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|PROFESSIONAL STUDIES |

| | |ORGANISING PUPILS FOR LEARNING |

| | |Objectives | | | |By the end of this topic, you should have achieved an understanding of the following issues relating to pupil grouping. You should: | | | |be familiar with the most common ways pupils are organised and grouped for learning in secondary schools; | | | |know the general trends illustrating the way grouping methods are used in secondary schools; | | | |understand the rationales of and influences on the choice of different grouping methods; | | | |have evaluated the evidence for the effectiveness of different grouping methods on academic achievement, attitudes to school and | |learning and on pupils’ opportunities; | | | |have understood the implications of different grouping strategies for the classroom teacher; | | | |have clarified your own perspectives on different pupil grouping methods. |

ORGANISATION OF PUPILS FOR LEARNING

OUTLINE OF LECTURE

1.Introduction - what is all the fuss about?
- methods of organising and grouping pupils

2.The current pattern of pupil grouping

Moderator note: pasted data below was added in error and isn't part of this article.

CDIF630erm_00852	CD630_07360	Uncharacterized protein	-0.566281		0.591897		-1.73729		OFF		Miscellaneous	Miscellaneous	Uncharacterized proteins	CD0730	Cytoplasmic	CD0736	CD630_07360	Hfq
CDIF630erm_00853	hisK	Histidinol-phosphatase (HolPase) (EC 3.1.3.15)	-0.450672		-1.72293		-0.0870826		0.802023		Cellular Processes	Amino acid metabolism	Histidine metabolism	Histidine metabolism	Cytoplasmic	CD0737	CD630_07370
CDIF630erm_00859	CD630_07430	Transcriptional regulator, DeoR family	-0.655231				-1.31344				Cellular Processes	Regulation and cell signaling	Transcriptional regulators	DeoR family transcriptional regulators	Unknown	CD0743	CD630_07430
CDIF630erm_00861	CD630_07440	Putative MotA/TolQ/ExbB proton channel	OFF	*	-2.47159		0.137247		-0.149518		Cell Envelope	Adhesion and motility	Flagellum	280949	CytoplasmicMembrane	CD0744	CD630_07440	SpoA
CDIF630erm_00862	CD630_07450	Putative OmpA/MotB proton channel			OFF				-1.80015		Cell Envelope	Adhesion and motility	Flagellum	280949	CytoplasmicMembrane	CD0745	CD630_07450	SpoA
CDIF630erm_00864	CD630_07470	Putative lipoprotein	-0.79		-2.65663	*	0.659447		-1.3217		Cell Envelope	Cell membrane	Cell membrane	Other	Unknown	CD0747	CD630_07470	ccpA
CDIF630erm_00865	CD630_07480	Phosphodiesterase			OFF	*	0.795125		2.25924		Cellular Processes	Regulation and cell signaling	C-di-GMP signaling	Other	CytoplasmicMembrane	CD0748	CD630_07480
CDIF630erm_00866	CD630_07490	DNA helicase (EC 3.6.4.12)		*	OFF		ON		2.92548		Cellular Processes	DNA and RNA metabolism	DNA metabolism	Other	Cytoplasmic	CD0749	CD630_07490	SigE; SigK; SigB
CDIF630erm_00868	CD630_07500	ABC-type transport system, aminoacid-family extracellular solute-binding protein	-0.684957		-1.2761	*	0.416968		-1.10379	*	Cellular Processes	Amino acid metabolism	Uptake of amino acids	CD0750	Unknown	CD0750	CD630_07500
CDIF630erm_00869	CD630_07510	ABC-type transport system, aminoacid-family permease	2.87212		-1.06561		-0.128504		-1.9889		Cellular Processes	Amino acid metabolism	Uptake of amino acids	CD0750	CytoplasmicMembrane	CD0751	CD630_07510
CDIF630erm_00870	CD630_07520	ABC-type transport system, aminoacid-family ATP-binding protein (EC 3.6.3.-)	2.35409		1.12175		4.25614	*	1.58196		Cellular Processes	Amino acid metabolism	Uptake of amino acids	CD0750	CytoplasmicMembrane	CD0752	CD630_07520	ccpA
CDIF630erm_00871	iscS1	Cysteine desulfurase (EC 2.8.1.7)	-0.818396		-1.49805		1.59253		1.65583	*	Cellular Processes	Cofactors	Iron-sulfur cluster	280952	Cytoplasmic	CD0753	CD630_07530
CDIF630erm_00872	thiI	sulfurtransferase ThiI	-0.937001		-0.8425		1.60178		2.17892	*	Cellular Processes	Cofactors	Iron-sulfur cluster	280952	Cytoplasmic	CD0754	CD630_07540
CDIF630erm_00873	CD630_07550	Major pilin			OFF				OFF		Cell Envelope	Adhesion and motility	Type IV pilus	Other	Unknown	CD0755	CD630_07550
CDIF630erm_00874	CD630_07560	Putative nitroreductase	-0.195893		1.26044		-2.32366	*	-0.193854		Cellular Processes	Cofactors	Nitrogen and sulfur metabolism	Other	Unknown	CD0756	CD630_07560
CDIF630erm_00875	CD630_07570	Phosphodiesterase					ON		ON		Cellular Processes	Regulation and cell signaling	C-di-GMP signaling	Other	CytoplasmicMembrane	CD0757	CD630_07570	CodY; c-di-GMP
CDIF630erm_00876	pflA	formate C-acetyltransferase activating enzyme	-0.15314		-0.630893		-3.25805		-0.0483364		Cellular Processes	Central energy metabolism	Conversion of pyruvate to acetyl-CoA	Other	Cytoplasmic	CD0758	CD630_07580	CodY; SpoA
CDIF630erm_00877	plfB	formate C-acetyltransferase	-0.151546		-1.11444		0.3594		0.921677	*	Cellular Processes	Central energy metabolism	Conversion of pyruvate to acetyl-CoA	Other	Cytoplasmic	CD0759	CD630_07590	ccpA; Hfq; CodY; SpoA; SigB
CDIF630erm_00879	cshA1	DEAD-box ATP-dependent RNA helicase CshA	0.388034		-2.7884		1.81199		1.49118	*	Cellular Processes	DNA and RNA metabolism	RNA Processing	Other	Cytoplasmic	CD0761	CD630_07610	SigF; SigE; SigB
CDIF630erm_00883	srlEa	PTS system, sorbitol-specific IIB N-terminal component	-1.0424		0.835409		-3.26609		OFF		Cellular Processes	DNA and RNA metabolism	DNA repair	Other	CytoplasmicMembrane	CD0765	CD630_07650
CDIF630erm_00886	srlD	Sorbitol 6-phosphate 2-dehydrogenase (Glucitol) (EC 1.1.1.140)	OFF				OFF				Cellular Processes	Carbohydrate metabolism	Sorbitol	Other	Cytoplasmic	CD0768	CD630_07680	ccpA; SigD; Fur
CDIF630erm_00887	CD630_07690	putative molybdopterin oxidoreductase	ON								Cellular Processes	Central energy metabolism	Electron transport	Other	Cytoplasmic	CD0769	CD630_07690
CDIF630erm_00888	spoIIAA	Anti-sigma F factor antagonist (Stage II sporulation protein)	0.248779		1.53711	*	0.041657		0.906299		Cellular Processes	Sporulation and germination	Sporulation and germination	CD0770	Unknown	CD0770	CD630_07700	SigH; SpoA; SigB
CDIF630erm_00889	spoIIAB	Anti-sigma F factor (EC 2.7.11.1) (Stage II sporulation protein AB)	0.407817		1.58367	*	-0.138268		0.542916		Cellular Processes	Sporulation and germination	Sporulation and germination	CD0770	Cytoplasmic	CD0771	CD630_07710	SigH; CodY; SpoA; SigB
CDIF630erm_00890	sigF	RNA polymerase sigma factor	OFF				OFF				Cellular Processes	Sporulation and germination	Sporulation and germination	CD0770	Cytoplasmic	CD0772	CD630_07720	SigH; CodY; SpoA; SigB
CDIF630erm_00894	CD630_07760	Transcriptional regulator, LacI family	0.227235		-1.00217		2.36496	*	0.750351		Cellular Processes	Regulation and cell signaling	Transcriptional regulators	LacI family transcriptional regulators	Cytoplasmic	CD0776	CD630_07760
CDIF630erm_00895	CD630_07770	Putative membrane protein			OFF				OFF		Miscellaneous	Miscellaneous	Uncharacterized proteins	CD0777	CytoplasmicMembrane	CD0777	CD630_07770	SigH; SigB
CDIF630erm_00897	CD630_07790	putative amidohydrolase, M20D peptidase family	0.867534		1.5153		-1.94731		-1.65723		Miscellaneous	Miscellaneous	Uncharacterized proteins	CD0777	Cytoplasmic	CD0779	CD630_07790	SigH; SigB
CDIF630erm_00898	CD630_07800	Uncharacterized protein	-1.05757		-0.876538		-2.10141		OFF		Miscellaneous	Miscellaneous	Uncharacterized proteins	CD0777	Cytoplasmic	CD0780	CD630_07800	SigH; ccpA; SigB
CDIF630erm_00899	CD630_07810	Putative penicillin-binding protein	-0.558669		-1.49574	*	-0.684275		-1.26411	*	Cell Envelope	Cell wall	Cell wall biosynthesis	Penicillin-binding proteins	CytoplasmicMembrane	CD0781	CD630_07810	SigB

-analysis of grouping methods currently used in schools -a mixture of methods - clarity or confusion?
-the shift in grouping from Y7 to Y10
-subject preferences in organising pupils

3.Influences on the pattern of pupil grouping
-political pressures - raising standards and ‘accountability’ -emphasis on academic curriculum - the impact of the National Curriculum
-cognitive development theory
-‘common sense’
-perpetuation by the powerful

4.The debate
• Key issues:
- in search of academic excellence
-pupil entitlement and equal opportunities
-class management
-motivation and class control

• Homogeneous grouping methods
the arguments for:
-advantages for the pupils
- working with peers
- a suitable (relevant) curriculum
-advantages for the teachers

the arguments against:
-inequality and the social divide
-...
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